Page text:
Study suggests ‘wonderchicken’ is an ancestor of modern chickens and ducks

Phillip Krzeminski

The 'wonderchicken' is a prehistoric bird which lived 66.7 million years ago, less than a million years before the asteroid impact that wiped out dinosaurs. Scientifically named Asteriornis maastrichtensis, its winged and beaked descendants survived mass extinction and formed a long lineage that includes both modern chickens and ducks.

Researchers have analysed fossil remains, consisting of an almost complete skull and some limb bones, and published their findings in the journal Nature.

According to a team of scientists from the University of Cambridge, the new fossil helps clarify why the birds survived the mass extinction in the late Cretaceous period.

Detailed analysis of the skull shows that the wonderchicken combines many characteristics comparable to the modern chicken and duck-like birds. 

The fossil was found in a limestone quarry near the Belgian-Dutch border. This is a particularly significant find, as it is the first modern dinosaur-era bird to be discovered in the northern hemisphere.

“The moment I first saw what was beneath the rock was the most exciting moment of my scientific career,” said Dr. Daniel Field, a palaeontologist in the Department of Earth Sciences at the University of Cambridge.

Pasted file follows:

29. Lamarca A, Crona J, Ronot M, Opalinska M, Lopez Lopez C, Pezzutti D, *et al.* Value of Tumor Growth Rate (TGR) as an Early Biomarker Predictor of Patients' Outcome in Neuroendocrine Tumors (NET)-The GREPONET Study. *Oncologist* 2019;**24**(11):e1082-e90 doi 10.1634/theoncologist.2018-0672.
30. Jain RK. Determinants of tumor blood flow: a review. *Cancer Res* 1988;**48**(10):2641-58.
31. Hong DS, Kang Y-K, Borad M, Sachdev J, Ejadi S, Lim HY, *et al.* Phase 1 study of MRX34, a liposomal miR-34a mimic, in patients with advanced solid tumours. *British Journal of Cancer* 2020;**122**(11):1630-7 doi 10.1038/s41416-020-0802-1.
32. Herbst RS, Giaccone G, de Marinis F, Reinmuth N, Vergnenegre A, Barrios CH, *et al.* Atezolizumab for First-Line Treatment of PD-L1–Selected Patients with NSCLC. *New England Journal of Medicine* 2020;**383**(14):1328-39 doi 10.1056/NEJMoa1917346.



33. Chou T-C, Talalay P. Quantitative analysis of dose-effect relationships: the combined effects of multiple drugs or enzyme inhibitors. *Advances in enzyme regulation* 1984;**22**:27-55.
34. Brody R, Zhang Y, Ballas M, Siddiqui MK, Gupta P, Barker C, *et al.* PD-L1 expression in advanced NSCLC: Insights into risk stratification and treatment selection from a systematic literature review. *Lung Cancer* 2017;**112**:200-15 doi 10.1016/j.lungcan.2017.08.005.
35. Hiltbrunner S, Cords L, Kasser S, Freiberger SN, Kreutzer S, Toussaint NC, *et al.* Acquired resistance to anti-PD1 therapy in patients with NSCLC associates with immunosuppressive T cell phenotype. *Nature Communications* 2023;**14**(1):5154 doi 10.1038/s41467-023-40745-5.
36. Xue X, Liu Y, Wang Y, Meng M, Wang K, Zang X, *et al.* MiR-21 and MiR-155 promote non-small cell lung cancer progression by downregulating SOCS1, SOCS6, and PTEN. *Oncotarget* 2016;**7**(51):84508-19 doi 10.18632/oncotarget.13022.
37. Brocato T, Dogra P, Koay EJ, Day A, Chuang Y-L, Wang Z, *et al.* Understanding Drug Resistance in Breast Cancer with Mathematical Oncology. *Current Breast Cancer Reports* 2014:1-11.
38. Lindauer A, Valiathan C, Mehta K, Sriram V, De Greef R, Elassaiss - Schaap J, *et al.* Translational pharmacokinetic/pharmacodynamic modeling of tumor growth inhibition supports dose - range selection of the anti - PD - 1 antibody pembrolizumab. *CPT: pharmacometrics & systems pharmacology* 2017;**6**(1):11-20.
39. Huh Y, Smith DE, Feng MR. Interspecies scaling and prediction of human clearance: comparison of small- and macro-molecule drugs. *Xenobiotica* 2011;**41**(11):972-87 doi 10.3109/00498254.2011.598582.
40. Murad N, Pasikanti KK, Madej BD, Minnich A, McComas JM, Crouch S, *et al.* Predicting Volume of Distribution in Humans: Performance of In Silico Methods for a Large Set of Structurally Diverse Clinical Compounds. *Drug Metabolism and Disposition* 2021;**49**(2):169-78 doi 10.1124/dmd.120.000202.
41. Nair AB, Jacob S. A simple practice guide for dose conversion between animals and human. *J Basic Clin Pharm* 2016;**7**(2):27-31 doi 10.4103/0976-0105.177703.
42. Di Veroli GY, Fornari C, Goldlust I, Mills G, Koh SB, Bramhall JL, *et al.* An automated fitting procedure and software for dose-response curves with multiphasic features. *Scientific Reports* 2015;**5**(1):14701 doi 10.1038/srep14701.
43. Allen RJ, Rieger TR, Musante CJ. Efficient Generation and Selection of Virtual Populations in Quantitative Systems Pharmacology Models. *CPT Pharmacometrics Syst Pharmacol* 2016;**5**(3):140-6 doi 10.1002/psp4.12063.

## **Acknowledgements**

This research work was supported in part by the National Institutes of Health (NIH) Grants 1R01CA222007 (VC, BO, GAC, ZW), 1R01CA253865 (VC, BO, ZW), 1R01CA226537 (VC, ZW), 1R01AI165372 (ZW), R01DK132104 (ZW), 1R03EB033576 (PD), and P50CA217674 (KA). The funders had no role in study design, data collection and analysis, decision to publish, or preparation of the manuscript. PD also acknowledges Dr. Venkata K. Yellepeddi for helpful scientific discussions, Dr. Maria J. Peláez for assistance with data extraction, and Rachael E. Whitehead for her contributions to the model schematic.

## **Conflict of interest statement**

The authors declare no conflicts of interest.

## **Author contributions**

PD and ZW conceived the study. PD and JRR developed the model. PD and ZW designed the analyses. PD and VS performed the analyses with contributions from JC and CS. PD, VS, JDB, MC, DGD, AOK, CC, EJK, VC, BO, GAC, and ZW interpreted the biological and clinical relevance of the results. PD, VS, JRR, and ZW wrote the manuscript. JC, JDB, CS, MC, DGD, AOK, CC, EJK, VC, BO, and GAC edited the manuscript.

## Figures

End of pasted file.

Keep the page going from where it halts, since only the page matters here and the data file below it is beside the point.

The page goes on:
“This is one of the best-preserved fossil bird skulls of any age, from anywhere in the world. We almost had to pinch ourselves when we saw it, knowing that it was from such an important time in Earth’s history.”

Dr. John Jagt, who is a researcher at the Maastricht Natural History Museum, added that “the discovery of Asteriornis maastrichtensis provides some vital evidence that Europe was a key area in the early evolutionary history of modern birds.”


The wonderchicken’s skull has features similar to modern birds, despite belonging to a completely different geological era. The front part of the skull, including its beak, resembles that of a chicken.

As Field explained, the shape of the chicken's beak gives it the opportunity to consume a wide range of food, keeping their diet balanced. This is what would have helped the wonderchicken to to survive in arduous conditions, following a mass-extinction situation.

“A barnyard chicken will eat anything you put in front of it,” he notes.

“An unspecialised diet is the kind of feature that might have helped animals like the wonderchicken survive.”

Researchers also discovered that similar to ducks, the Asteriornis maastrichtensis had a bone that projected from the back of its skull towards its eye socket and another bone which was hooked at the back of the jaw.

The team says the discovery pushes back the date of the earliest known modern bird, helping to prove that previous molecular analysis of living suggesting modern birds evolved before the extinction of the dinosaurs is accurate. The record for the oldest bird was previously held by Vegavis whose fossils were discovered in Antarctica and dated to about 66.5m years ago.

Reference: Daniel J. Field, Juan Benito, Albert Chen, John WM Jagt, Daniel T. Ksepka. Late Cretaceous neornithine from Europe illuminates the origins of crown birds. Nature, 2020; 579 (7799): 397 DOI: 10.1038 / s41586-020-2096-0

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